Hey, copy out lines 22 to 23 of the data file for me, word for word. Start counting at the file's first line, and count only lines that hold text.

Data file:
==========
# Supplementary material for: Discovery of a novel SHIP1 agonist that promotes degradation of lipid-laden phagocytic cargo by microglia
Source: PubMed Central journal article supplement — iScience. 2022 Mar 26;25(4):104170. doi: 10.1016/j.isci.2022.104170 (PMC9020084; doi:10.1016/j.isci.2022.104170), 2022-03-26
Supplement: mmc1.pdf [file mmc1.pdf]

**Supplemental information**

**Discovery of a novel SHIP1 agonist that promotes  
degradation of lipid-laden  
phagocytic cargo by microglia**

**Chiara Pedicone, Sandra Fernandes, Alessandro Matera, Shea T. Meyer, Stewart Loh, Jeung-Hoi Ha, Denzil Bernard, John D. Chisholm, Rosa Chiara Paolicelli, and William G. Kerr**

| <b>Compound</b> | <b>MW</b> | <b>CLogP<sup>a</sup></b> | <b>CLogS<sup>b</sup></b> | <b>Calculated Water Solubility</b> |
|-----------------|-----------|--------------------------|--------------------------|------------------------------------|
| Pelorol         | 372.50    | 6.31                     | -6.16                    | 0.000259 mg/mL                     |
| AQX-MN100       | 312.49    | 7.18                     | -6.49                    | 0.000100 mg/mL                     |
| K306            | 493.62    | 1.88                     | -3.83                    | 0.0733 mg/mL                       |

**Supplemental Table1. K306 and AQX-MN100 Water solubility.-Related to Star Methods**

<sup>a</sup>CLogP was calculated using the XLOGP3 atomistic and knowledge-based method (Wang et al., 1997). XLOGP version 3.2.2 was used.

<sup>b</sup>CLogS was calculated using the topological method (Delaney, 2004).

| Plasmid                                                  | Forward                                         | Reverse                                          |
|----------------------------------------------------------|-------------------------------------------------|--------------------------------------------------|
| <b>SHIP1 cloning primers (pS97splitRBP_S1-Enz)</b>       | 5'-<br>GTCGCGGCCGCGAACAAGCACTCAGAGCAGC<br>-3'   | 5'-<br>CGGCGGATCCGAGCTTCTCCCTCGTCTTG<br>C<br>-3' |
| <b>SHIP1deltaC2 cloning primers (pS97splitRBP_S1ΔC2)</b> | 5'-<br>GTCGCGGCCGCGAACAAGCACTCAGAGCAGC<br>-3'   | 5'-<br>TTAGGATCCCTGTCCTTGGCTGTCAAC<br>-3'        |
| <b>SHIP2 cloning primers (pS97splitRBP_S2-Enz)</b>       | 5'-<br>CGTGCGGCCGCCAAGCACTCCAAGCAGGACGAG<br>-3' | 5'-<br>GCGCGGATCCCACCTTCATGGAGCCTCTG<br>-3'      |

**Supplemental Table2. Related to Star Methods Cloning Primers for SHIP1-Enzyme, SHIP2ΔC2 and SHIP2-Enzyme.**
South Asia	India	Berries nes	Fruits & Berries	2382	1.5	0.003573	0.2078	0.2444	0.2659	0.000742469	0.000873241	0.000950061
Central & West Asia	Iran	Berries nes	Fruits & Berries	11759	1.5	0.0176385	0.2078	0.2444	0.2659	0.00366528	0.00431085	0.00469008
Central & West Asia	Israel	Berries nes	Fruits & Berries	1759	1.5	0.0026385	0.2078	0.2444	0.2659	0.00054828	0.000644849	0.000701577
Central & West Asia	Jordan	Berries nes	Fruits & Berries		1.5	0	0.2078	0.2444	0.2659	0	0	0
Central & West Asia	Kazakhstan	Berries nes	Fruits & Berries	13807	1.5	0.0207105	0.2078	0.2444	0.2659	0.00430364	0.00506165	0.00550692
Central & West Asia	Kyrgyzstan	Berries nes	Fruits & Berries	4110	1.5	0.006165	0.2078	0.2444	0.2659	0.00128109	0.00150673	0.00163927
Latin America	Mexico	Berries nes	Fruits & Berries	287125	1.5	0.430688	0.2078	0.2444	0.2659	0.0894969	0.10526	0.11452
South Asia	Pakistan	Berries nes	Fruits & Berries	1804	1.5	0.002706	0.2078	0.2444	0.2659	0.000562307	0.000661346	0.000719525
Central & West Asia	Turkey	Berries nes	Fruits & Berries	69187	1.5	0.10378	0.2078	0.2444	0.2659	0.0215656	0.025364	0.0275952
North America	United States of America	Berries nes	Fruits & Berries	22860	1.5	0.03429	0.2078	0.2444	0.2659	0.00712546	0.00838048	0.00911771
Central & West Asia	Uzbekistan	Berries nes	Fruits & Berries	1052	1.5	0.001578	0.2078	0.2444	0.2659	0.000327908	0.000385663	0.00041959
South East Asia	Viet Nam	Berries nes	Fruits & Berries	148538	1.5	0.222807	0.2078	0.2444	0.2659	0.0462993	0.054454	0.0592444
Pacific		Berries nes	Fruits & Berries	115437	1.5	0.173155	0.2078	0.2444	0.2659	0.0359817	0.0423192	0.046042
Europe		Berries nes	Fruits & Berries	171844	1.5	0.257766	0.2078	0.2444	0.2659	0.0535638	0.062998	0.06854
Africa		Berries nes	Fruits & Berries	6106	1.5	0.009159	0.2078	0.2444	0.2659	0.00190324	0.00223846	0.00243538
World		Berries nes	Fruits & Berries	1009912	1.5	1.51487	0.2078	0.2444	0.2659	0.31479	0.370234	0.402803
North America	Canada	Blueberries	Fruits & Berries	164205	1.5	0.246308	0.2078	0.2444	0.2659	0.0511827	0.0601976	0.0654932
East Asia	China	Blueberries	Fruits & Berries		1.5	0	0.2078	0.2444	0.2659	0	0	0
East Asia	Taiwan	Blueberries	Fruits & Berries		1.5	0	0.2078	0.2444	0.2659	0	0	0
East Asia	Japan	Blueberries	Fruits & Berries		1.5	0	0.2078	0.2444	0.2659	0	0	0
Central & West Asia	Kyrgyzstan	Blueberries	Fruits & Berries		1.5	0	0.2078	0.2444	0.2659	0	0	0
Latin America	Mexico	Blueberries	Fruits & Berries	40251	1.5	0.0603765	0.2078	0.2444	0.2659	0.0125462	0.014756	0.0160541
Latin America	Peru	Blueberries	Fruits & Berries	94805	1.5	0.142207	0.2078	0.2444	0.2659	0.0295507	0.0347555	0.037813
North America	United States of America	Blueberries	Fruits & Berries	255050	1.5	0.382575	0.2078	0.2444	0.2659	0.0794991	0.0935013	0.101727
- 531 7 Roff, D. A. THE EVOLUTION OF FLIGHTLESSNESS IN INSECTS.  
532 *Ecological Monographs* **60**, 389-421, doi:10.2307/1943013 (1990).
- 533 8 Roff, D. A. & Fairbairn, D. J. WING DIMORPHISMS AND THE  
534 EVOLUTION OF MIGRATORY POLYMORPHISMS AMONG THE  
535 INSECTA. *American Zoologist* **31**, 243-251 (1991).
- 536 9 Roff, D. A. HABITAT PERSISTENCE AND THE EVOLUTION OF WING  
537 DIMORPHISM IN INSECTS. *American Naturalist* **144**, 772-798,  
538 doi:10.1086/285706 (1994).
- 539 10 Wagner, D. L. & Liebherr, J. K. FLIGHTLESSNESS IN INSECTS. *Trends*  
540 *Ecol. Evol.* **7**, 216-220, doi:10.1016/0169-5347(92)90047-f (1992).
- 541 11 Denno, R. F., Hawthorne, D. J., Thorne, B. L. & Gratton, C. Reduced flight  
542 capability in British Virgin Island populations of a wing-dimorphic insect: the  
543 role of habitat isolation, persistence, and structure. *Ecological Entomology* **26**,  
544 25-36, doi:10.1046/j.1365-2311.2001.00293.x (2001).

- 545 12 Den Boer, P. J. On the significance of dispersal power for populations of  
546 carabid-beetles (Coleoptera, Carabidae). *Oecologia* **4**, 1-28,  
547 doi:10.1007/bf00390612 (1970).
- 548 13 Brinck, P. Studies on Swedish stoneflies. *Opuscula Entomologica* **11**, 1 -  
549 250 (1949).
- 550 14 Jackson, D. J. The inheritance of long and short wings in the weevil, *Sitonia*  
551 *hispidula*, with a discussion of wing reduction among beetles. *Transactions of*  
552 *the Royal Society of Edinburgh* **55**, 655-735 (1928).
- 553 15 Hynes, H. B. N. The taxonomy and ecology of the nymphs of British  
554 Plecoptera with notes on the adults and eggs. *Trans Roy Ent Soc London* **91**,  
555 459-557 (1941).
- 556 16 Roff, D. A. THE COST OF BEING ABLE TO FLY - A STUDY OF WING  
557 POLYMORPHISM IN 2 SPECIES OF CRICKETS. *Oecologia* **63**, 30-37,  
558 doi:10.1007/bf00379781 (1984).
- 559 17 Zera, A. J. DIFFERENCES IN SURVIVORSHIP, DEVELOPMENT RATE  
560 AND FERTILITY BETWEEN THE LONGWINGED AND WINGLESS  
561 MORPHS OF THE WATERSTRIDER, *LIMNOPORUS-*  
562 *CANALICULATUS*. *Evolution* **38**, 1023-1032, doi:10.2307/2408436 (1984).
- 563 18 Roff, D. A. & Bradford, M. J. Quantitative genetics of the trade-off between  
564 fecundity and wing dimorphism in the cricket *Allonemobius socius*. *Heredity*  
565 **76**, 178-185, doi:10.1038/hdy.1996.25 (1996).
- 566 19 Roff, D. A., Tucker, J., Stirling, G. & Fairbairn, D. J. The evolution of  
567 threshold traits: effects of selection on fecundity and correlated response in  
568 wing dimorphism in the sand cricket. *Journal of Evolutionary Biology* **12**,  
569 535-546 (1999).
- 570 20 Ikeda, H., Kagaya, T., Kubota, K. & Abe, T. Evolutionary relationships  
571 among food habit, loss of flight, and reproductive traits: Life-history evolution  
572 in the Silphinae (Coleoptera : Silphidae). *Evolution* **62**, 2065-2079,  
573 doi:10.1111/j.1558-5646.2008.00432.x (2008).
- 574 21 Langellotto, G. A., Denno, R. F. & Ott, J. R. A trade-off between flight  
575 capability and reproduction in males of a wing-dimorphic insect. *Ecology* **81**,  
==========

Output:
**Supplemental Table2. Related to Star Methods Cloning Primers for SHIP1-Enzyme, SHIP2ΔC2 and SHIP2-Enzyme.**
South Asia	India	Berries nes	Fruits & Berries	2382	1.5	0.003573	0.2078	0.2444	0.2659	0.000742469	0.000873241	0.000950061